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NCAA lawyers look to prevent the O’Bannon case from becoming a class action lawsuit

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According to Steve Berkowitz of USA Today, lawyers representing the NCAA are working hard to make sure the suit being filed against them by some former college athletes isn’t certified as a class action lawsuit.

The NCAA is alleging that the plaintiffs, led by former athletes such as Ed O’Bannon and Sam Keller, have changed their strategy in a manner that has cost the governing body “significant time and money.”

This case has been in the courts since 2009 and isn’t expected to go to trial until June 2014, with the 16 named plaintiffs seeking damages from the NCAA, Electronic Arts and the Collegiate Licensing Company.

The former players allege that the defendants violated anti-trust law by conspiring to fix at zero the amount of compensation athletes can receive for the use of their names, images and likenesses in products or media while they are in school. They also are challenging the NCAA’s practice of requiring athletes to sign forms under which they allegedly relinquish in perpetuity all rights pertaining to the use of their names, images and likenesses in ways including TV contracts, rebroadcasts of games, and video game, jersey and other apparel sales.

According to NCAA attorney Robert J. Wierenga the defense has produced nearly 92,000 documents, and many of those would have no value were the motion filed by the plaintiffs for class certification on August 31 granted.

What would the granting of the plaintiffs’ motion mean? It would allow other “qualified litigants” to join the lawsuit, and in turn require the defense attorneys to do even more digging for evidence.

This is a case many folks saw as one that could have a major impact on how collegiate athletics are run when first filed, but it’s one that has moved at a snail’s pace.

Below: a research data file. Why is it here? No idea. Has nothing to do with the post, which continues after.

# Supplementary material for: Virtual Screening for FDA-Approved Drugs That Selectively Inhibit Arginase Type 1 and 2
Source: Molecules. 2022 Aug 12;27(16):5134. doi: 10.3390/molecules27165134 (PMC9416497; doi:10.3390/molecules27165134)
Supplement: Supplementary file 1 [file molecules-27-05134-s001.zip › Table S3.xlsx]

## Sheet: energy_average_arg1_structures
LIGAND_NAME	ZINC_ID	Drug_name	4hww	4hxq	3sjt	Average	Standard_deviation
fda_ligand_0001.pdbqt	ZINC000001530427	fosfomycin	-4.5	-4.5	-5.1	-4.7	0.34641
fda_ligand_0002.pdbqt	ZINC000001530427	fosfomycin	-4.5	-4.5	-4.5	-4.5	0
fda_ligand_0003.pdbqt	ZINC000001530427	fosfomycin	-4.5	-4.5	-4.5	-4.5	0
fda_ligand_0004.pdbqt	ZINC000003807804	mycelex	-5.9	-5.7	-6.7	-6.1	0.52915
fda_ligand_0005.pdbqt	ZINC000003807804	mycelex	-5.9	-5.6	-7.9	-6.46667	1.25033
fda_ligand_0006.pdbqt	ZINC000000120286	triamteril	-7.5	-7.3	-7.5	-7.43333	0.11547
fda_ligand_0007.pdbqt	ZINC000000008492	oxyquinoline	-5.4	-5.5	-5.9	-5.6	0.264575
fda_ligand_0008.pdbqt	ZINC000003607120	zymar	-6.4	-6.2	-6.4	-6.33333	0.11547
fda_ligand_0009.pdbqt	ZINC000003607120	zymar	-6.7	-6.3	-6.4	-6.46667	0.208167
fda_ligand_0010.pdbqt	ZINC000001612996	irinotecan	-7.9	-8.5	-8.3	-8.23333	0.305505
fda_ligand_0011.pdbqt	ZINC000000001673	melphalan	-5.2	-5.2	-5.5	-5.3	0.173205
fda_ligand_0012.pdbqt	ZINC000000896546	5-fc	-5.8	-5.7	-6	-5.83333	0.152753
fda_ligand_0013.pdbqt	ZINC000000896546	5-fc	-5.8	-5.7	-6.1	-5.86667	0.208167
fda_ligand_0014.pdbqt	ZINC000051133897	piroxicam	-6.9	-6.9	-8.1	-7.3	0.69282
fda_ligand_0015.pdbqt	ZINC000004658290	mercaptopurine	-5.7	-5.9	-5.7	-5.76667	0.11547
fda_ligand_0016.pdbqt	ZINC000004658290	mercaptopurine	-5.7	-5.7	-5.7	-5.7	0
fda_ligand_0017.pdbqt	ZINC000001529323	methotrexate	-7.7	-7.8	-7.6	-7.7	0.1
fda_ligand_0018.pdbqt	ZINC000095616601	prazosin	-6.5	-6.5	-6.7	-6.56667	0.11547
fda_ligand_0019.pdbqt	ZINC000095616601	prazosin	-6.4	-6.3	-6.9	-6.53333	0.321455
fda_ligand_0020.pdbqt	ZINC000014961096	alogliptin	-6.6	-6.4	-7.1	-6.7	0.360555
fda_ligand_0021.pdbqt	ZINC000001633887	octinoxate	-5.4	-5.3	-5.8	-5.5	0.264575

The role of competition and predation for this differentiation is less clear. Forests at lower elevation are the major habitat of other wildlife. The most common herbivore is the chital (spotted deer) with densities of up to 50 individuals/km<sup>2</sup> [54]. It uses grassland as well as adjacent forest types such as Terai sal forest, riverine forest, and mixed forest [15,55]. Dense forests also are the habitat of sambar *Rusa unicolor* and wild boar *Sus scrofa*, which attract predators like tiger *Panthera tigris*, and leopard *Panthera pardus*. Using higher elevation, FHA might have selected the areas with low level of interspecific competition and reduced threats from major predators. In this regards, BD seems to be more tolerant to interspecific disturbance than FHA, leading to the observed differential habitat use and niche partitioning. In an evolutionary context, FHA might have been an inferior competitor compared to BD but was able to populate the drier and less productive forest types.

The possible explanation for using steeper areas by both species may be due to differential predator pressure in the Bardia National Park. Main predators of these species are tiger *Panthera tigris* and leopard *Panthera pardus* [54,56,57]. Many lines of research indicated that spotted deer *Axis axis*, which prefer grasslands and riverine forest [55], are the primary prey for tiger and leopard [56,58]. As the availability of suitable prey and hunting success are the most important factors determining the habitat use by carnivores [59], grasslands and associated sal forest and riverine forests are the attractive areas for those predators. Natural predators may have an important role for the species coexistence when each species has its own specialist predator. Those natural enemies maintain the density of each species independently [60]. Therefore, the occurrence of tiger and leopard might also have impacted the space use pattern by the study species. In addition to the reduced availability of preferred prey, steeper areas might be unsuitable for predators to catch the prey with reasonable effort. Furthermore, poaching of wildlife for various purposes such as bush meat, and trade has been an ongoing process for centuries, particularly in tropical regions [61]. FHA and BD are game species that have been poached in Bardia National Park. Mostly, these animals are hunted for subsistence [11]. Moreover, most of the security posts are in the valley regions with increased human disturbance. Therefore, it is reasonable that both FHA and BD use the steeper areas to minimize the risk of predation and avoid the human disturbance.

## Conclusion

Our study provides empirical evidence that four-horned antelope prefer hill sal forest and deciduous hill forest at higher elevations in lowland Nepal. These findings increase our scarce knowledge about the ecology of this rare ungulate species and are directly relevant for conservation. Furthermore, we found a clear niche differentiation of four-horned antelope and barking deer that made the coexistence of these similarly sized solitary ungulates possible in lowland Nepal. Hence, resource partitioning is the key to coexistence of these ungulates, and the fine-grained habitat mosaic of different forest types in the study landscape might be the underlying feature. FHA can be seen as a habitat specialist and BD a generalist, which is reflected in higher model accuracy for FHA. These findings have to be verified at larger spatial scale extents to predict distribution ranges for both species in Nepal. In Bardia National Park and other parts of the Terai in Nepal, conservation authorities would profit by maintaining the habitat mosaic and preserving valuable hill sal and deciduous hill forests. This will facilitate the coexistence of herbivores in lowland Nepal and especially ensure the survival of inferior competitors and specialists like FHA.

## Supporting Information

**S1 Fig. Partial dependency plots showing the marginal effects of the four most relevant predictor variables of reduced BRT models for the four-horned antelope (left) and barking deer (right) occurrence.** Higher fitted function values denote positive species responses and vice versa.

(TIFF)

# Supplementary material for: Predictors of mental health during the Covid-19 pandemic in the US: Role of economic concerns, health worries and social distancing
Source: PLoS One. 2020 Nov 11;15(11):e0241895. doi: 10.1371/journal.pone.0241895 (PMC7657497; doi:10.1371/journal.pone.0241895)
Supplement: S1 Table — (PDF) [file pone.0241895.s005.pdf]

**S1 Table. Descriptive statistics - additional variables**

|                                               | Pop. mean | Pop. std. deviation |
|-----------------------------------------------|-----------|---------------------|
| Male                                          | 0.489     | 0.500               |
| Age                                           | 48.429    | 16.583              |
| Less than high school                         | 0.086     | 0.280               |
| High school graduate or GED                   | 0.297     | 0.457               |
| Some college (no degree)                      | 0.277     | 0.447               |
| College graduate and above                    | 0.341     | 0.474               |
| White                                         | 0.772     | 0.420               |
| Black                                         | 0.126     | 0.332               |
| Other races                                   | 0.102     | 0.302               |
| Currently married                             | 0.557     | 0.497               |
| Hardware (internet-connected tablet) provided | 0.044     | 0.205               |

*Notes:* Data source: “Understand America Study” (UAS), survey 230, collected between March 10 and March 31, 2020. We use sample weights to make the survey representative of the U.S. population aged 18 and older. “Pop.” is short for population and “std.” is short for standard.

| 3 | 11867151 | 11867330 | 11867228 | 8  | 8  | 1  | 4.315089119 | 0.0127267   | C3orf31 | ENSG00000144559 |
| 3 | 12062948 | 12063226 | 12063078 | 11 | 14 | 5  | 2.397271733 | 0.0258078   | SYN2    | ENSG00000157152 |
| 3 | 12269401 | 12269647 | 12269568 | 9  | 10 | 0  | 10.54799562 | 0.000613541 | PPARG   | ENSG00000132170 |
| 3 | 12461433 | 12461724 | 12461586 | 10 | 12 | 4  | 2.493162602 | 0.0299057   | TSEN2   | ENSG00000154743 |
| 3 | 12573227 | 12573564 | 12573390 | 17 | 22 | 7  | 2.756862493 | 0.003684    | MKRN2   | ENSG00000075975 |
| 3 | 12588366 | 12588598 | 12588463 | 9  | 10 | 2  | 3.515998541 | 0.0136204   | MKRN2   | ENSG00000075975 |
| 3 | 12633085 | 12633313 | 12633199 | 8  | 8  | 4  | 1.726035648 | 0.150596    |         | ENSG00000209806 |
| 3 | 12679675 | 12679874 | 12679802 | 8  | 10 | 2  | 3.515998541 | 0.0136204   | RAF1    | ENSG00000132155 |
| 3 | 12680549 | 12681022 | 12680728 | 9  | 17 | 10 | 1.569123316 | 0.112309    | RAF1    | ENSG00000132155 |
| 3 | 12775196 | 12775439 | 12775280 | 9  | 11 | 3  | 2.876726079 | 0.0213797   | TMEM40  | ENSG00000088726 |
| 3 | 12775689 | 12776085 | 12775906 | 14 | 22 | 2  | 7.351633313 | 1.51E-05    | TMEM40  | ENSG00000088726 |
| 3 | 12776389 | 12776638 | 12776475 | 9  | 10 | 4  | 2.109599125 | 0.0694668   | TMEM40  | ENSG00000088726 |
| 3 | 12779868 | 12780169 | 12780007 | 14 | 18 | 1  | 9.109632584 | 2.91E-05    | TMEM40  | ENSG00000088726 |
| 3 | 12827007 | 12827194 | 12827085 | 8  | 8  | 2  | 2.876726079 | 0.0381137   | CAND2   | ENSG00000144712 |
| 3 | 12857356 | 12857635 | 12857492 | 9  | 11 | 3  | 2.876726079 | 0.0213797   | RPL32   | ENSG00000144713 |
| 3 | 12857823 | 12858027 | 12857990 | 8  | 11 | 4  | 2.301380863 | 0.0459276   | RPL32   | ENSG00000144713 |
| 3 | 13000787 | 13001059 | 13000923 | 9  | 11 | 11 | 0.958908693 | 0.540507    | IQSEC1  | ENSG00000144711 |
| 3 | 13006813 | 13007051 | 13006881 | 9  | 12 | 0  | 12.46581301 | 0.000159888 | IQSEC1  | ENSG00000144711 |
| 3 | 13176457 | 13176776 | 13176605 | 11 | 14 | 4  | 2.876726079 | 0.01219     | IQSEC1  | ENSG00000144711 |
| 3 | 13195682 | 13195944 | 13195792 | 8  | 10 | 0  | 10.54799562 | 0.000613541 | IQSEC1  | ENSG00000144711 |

Raphielle is also the assistant editor at CollegeHoops.net and can be followed on Twitter at @raphiellej.

POSTERIZED: Texas A&M-CC with an off-the-backboard dunk

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This is pretty nice from Texas A&M-Corpus Christi, who has made a habit out of getting themselves on the highlight reel.

Here’s another angle of the dunk:

UNLV’s Stephen Zimmerman out with a knee injury

UNLV forward Stephen Zimmerman Jr. shoots against San Diego State during an NCAA college basketball game Saturday, Jan. 30, 2016, in Las Vegas. (L.E. Baskow/Las Vegas Sun via AP)
(L.E. Baskow/Las Vegas Sun via AP)
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The injury Stephen Zimmerman suffered on Saturday will keep the star UNLV freshman out for at least a week, a source told NBC Sports.

The injury is not thought to be serious, however. Zimmerman may be kept out for longer as a precaution, but that’s a result of the Runnin’ Rebels being in a situation where the rest of their regular season is relatively meaningless.

They’re not getting an at-large bid to the NCAA tournament regardless of how they finish out league play. With back-up center Ben Carter out with a torn ACL, it’s more important to make sure that Zimmerman, who is averaging 10.6 points and 9.1 boards this season, is totally healthy for the Mountain West tournament.

That tournament, mind you, will be played at UNLV’s Thomas & Mack Center.

So the Runnin’ Rebels, regardless of how poor they’ve played this season, will always have a chance to land an automatic bid.

Anyway, the more interesting aspect of this story is how Zimmerman injured the knee. It was a completely avoidable play that came after the whistle, but I’m not sure it was what you would call a “dirty play”. You tell me: